Yes, it's true, you no longer have to wait to start your PTO career -- you might be able to begin when your child is only a preschooler. And if your child's preschool doesn't have a PTO yet, you can start one. A group of involved parents can make a difference at almost any level, and preschool is no exception. Gather a bunch of like-minded folks, coordinate with the school's staff and start doing awesome things for your child's school.
Schedule a meeting with the preschool administrator and offer to set up a PTO at the school. Talk with her to identify specific programs or activities a PTO could provide for the school, such as book fairs, festivals or fundraising events. Reassure her that starting a PTO at the school will not cost money or take a lot of her time, both things that are probably at a premium. With her approval, prepare a short pitch about the purpose, structure and function of the proposed PTO and an agenda for a kick-off meeting.
Notify all parents and staff members at the school of your intention to establish a PTO and invite them to a kick-off meeting. At the start of the meeting, pass around a sign-up sheet so you'll have a record of attendees. Give a short pitch about how the PTO will function and what types of things the group might do for the school. Ask those present who is interested in participating and what ideas they have for activities. Want to maximize attendance at this first meeting? Promise attendees you'll provide snacks -- food is pretty much guaranteed to attract more folks.
Ask for volunteers from the group to participate on a committee to set up the organization. Their tasks include writing by-laws for the PTO, soliciting nominees for officers and scheduling the first official meeting and elections. Decide on the new group's primary focus. Common objectives for preschool-level PTOs include fundraising, sponsoring fun events and helping out in the school. Publicize elections for your first PTO officers. Unless you're extremely fortunate -- and a major exception to the rule -- you'll likely have just enough volunteers to fill the major positions, so elections may be pro forma affairs. The officers should establish and publicize a meeting schedule and membership policies.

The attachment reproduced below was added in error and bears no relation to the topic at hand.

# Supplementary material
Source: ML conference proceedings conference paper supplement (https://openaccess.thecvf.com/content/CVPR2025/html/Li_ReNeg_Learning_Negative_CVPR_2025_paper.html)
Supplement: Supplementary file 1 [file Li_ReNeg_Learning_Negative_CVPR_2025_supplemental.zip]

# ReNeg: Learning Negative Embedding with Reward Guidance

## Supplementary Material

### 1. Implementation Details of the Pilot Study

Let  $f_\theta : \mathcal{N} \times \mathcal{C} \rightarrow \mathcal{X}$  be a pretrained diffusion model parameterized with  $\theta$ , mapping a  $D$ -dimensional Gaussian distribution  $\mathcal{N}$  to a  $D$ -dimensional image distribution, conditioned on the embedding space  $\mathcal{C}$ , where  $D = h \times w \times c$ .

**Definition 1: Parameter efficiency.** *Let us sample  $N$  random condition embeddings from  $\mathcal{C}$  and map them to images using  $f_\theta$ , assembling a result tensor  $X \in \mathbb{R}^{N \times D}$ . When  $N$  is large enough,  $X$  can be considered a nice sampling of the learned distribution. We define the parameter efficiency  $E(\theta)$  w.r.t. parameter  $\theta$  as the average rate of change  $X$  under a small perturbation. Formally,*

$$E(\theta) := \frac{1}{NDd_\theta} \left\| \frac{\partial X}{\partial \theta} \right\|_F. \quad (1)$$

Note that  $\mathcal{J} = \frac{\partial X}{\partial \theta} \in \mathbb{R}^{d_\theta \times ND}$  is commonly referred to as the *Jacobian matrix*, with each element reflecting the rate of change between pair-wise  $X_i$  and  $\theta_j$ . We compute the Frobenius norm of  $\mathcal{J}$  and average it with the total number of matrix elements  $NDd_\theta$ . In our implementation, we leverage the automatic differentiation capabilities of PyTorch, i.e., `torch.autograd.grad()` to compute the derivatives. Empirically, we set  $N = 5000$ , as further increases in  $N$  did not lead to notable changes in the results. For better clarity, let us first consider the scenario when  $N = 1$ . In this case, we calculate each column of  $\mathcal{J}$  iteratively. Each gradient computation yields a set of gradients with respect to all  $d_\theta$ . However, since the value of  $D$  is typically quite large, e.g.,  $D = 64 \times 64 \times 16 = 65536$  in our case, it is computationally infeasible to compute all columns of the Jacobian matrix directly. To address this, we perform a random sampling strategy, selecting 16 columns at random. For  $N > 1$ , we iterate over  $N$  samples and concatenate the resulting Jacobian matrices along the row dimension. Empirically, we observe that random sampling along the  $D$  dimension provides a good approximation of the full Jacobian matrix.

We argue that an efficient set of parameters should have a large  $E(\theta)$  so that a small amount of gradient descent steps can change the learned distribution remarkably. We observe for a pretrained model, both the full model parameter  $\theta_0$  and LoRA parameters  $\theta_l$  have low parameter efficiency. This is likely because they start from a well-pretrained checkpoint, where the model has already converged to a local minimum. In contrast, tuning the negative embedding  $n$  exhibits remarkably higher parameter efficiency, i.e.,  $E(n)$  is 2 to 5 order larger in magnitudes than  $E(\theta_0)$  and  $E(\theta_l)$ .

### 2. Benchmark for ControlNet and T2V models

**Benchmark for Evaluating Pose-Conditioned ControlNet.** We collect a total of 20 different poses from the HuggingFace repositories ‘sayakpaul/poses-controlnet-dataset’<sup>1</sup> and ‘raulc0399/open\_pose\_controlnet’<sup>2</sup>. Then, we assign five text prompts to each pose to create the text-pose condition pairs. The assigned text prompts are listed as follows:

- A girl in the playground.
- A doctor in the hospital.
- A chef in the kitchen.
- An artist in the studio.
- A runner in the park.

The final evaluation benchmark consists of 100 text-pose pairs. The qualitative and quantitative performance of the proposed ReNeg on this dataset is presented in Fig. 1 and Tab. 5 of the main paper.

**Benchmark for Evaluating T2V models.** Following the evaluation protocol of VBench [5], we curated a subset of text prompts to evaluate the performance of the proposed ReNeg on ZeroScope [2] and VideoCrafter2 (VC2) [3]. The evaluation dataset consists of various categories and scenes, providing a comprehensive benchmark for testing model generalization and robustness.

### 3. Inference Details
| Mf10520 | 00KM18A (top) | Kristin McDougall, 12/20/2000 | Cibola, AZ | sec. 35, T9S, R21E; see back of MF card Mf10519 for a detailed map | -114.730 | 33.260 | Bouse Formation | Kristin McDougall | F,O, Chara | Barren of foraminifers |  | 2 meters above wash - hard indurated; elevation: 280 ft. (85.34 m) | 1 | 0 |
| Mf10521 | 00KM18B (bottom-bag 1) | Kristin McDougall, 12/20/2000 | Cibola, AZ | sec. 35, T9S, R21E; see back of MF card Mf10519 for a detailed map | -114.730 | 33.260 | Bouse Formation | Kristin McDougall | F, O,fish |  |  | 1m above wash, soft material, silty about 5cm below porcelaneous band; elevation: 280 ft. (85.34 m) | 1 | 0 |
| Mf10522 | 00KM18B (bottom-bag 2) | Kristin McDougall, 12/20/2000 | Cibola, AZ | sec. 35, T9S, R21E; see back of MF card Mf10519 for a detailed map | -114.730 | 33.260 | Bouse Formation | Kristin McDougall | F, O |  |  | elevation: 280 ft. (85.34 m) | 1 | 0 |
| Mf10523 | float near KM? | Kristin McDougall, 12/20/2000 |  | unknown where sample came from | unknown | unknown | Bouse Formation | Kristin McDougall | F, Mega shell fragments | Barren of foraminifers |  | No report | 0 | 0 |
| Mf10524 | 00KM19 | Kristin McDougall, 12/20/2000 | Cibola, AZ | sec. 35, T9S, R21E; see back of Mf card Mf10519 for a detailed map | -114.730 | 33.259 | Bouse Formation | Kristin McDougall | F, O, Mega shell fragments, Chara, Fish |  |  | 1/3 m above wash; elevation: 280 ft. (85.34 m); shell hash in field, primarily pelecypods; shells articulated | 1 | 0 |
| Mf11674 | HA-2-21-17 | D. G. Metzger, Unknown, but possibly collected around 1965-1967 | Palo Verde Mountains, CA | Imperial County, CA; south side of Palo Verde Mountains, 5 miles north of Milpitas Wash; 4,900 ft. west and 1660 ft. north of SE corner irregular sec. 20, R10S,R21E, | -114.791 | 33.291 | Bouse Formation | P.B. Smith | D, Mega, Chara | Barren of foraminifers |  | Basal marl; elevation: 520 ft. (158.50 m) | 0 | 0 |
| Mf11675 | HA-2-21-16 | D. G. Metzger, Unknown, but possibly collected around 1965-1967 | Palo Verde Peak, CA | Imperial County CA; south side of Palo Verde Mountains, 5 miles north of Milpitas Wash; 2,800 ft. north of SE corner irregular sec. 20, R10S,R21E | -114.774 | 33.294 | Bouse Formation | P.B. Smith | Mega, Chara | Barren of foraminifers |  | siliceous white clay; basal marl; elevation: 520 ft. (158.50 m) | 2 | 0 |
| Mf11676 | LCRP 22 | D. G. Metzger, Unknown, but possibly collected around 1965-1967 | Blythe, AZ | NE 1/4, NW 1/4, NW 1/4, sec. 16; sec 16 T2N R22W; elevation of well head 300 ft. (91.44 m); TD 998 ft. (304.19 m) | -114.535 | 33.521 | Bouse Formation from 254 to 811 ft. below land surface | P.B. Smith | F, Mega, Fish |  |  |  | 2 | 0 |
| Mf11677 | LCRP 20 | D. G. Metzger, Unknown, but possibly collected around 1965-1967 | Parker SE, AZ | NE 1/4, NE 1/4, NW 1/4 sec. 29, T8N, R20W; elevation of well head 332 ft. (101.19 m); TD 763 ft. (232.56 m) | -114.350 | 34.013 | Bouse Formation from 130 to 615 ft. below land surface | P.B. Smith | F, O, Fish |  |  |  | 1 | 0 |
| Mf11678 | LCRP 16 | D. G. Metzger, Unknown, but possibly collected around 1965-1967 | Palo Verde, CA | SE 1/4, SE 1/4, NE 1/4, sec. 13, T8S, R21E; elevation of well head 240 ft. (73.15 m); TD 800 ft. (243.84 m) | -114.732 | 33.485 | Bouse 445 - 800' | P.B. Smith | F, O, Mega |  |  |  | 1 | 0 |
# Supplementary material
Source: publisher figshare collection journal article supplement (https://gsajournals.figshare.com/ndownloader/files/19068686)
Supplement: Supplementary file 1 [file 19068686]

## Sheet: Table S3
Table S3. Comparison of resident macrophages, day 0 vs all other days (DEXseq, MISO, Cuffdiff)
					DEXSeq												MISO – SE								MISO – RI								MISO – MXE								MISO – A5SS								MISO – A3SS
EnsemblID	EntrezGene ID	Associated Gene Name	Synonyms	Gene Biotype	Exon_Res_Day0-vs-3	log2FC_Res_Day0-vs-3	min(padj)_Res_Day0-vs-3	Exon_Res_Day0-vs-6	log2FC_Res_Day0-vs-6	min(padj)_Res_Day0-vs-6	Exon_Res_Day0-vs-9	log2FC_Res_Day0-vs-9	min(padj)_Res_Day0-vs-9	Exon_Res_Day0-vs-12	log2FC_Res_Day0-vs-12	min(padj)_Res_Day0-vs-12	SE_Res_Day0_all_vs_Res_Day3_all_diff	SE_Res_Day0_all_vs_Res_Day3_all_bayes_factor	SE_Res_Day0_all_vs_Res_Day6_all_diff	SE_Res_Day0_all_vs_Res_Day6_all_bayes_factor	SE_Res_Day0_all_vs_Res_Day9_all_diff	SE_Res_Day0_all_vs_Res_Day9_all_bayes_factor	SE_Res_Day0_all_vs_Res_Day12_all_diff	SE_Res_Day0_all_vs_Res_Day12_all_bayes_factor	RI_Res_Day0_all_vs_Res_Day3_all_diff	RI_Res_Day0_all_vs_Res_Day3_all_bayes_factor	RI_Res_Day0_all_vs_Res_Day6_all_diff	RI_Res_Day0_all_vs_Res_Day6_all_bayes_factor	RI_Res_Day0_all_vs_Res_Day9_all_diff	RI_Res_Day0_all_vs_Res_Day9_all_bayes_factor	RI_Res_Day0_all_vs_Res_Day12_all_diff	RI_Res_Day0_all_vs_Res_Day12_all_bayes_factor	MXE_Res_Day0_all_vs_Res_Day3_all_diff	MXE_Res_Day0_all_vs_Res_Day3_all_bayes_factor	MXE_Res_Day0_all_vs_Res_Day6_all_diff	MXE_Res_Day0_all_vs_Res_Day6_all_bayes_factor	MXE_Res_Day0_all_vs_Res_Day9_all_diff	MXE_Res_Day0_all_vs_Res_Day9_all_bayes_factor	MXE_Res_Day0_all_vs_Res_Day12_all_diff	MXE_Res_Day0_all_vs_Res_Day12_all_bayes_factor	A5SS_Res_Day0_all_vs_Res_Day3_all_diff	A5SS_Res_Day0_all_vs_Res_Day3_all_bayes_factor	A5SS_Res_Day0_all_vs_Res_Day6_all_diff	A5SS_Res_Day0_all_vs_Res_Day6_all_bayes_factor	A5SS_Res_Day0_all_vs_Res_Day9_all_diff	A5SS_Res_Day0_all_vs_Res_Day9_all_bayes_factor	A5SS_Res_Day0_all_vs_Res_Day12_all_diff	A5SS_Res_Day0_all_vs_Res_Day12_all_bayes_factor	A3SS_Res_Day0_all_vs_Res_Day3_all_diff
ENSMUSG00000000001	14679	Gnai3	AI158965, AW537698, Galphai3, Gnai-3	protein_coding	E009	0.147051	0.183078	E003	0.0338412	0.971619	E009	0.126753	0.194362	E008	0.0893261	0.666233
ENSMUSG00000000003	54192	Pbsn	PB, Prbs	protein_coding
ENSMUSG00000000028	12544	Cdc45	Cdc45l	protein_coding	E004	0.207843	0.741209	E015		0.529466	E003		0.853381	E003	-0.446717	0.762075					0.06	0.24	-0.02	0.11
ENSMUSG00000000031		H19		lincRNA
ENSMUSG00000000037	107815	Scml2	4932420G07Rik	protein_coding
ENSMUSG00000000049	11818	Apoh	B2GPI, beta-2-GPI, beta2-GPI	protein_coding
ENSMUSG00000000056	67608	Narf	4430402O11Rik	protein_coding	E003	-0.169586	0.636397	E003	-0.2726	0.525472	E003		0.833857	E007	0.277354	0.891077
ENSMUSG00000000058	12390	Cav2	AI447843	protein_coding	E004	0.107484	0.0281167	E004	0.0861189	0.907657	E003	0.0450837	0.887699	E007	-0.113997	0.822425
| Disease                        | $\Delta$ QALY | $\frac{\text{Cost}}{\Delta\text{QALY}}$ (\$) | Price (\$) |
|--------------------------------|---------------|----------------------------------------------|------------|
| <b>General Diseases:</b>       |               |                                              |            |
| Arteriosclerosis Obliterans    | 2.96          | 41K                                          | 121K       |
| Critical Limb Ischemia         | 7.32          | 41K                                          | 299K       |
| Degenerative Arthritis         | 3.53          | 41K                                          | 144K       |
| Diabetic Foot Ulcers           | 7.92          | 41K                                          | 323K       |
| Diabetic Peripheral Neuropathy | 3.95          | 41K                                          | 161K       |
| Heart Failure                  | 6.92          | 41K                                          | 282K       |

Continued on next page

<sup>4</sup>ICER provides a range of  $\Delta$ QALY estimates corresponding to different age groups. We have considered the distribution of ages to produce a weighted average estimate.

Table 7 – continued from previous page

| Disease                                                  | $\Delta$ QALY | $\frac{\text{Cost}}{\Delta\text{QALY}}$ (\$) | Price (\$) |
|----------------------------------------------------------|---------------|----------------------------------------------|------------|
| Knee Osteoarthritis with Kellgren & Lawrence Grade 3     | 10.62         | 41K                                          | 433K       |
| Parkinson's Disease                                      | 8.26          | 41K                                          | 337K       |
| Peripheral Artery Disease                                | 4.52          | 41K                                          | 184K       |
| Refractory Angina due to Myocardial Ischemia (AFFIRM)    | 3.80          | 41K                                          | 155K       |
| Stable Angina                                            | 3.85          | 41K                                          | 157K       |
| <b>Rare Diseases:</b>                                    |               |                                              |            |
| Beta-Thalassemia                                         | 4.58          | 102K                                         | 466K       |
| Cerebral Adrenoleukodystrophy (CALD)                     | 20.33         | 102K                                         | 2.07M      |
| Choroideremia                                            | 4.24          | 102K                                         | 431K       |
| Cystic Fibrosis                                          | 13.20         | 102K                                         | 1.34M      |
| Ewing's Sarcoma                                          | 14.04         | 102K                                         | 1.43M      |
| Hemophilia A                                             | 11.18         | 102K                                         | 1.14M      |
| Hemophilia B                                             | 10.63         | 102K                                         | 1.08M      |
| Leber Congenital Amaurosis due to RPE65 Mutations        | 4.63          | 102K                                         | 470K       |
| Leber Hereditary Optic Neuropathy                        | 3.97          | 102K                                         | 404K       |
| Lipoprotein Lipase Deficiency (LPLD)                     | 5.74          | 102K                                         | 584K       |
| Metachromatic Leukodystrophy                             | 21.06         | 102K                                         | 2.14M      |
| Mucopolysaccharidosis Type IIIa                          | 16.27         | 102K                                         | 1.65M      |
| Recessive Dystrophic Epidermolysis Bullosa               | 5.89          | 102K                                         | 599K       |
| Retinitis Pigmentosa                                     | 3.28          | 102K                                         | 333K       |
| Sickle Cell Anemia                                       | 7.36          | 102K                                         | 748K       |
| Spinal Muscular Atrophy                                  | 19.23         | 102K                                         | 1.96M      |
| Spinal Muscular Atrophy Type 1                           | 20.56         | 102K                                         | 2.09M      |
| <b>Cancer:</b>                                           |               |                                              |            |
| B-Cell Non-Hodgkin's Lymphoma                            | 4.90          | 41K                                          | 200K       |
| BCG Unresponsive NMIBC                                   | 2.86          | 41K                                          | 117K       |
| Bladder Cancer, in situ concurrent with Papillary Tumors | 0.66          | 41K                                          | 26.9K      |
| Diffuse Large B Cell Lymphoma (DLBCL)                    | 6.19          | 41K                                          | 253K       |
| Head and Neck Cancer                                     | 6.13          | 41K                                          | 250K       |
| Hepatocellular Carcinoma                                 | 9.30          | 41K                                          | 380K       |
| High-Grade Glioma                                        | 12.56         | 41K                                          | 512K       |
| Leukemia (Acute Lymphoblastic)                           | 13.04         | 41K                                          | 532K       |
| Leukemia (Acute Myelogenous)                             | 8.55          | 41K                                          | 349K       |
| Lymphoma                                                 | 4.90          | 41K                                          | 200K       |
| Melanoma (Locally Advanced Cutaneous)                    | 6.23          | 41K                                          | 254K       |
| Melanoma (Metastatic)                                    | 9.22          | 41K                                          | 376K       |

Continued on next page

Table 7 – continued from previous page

Send home membership forms to all preschool families and staff members, soliciting them to join the group and requesting a nominal fee for the group's start-off funds. You can't make families or individuals join, but if you present it as a fun way to play a role in their child's school that doesn't require tons of money or time, you should attract a solid core of interested parents. At the first general membership meeting, schedule a few basic events, identify people to be in charge of them and discuss future options.
Set up a bank account for the PTO with a local bank or credit union. At least two officers of the PTO should be signatories to the account. Ensure one person -- typically the PTO treasurer -- oversees all approved expenses and reimbursements and provides monthly financial reports to the group. Talk to the school's financial personnel about setting up the PTO as a non-profit group for tax purposes. Don't panic: this isn't a requirement for setting up a PTO. But it's the best way to protect the group from potential tax burdens. Get professional help to file the paperwork with federal and state tax authorities to get the 501(3)(c) status for your group, along with a tax ID number.
Nationwide groups such as PTO Today offer start-up kits for new PTOs, sample forms for various PTO uses and an extensive body of advice and ideas to help you get your PTO started.